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October 25, 2014 | 1st Cheshvan 5775
Same Gender Officiation

A Statement by Rabbi Eric Yoffie
Greensboro, NC
March 29, 2000

This afternoon the Central Conference of American Rabbis, meeting in Greensboro, NC, adopted a resolution by an overwhelming vote stating, in part, that "the relationship of a Jewish, same gender couple is worthy of affirmation through appropriate Jewish ritual."

It is important to note what the resolution on same gender unions does and does not say. It does not compel any rabbi to officiate at such a ritual, and indeed supports the right of a rabbi not to officiate. It does not specify what ritual is appropriate for such a ceremony. It does not say that the ceremony performed should be called a "marriage."

Nonetheless, the historical and religious significance of this resolution is indisputable. For the first time in history, a major rabbinical body has affirmed the Jewish validity of committed, same gender relationships.

What do the members of UAHC congregations think about this resolution? It is impossible to know for certain. Some have told me of their strong support, while others have indicated their opposition. Still others have said that they are sympathetic to the ideas expressed but felt no resolution was necessary at this time.

Over the last quarter century, the UAHC Biennial Assembly has spoken out strongly in support of human and civil rights for gays and lesbians. We have admitted to membership a number of congregations that offer special outreach to gay and lesbian Jews, and called upon Reform synagogues to welcome gay and lesbian Jews as singles, couples, and families, and not to discriminate on the basis of sexual orientation in matters related to employment and volunteer leadership. And the UAHC has initiated vigorous education programs to heighten awareness of discrimination and to achieve fuller acceptance of gay and lesbian Jews in our midst.

The Union, however, has always refrained from addressing the issue of rabbinic participation in same gender weddings or commitment ceremonies. As a congregational body, it is our task to provide guidance on issues of congregational policy that are normally decided by synagogue boards. But performance or non-performance of a same gender commitment ceremony is a rabbinical matter, to be determined by each rabbi according to his or her conscience and understanding of Jewish tradition. Therefore, while our synagogue members have felt free to present their views to their own rabbis, and many have done so vigorously, the Union as an organization has appropriately remained silent on the CCAR resolution, and took no part in the many months of debate prior to the convention.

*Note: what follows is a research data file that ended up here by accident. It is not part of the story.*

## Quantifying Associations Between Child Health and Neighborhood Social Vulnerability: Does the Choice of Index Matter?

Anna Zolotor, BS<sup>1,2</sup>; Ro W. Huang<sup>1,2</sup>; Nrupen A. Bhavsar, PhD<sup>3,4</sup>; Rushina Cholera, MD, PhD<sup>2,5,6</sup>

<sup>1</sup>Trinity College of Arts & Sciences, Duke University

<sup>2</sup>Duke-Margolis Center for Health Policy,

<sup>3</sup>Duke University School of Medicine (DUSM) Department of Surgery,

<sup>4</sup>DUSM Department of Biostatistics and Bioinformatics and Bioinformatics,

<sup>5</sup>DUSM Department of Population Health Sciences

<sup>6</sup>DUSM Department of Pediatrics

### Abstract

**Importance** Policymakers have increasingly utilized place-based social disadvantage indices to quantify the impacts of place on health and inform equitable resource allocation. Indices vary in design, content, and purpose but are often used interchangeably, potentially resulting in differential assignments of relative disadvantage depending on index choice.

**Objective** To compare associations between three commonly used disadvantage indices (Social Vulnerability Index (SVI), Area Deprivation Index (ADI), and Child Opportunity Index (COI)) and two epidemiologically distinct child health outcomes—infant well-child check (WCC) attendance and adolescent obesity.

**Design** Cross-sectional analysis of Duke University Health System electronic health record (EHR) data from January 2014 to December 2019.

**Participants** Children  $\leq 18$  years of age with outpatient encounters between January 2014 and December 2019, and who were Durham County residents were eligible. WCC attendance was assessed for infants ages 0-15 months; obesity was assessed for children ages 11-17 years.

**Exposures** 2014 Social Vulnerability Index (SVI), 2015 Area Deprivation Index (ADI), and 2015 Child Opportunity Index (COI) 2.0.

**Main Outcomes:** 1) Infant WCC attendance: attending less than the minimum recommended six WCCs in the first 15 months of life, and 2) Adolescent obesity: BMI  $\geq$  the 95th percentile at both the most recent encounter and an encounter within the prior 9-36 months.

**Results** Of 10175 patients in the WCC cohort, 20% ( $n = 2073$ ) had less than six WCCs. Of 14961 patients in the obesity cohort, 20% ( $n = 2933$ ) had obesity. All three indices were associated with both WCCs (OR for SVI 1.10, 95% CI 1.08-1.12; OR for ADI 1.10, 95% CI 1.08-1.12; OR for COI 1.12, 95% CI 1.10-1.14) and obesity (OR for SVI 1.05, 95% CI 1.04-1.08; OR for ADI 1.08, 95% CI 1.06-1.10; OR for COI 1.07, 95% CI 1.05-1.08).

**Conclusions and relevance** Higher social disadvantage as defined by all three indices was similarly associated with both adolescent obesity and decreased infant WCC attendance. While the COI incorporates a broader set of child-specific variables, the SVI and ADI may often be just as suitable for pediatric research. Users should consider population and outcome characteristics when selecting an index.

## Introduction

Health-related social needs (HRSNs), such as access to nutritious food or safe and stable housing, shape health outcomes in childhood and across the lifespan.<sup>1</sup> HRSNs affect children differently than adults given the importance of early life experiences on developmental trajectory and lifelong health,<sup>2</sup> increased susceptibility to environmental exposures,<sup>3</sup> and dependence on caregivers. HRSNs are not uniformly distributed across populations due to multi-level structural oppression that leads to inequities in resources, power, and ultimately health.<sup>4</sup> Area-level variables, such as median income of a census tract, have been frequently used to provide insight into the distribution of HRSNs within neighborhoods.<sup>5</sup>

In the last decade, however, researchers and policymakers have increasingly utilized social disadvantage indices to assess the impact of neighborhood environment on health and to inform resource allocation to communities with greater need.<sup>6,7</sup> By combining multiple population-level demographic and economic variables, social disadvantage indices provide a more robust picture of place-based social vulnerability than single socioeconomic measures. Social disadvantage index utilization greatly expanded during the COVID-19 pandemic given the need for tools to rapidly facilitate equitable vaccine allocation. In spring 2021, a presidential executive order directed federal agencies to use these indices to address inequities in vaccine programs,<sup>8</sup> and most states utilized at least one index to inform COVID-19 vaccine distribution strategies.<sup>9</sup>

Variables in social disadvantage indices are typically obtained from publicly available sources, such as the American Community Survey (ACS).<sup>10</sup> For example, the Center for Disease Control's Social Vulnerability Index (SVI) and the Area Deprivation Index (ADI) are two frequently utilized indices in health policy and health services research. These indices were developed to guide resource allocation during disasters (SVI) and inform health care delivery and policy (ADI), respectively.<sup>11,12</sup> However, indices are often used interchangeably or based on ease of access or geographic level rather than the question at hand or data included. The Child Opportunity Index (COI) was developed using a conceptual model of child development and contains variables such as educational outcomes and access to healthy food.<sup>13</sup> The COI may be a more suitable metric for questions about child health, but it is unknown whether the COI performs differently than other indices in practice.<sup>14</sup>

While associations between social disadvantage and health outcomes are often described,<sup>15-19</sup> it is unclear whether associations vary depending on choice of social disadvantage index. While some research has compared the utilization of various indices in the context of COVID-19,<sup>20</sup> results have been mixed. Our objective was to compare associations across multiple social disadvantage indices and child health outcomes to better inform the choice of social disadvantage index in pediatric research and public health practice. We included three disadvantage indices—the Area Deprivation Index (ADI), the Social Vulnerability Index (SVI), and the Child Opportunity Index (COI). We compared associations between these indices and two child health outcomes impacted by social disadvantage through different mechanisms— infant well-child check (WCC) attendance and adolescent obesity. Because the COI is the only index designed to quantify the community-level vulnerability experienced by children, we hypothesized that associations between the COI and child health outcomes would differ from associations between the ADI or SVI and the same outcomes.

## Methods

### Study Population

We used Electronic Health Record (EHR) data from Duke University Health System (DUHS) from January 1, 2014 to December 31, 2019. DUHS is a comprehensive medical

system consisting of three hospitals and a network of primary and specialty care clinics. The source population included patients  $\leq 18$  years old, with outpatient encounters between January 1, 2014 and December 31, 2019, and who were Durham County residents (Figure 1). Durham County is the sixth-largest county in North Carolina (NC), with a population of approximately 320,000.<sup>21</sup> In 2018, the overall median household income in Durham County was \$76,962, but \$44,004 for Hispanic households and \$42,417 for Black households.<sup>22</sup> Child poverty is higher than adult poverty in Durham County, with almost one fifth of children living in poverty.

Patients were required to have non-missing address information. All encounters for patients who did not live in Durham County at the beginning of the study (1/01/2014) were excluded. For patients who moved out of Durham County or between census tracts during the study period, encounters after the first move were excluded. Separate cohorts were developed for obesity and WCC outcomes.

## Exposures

But I too am a rabbi, of course, and I was present at Greensboro. And I would like you to know that, voting as an individual, I cast my ballot in favor the resolution. I did so because of my belief that our gay and lesbian children, relatives, and friends are in great need of spiritual support; that the Torah?s prohibition of homosexuality can reasonably be understood as a general condemnation of ancient cultic practice; that loving, permanent homosexual relationships, once difficult to conceive, are now recognized as an indisputable reality; and that in these relationships, whether or not we see them as "marriages" it is surely true that God and holiness can be present.

I know that many disagree. But whatever one thinks on the commitment ceremony question, I assume that we will respect those who believe otherwise, and remember what unites us in this debate: our responsibility to welcome gays and lesbians into our synagogues. Because this I know: if there is anything at all that Reform Jews do, it is to create an inclusive spiritual home for all those who seek the solace of our sanctuaries. And if this Movement does not extend support to all who have been victims of discrimination, including gays and lesbians, then we have no right to call ourselves Reform Jews.

 
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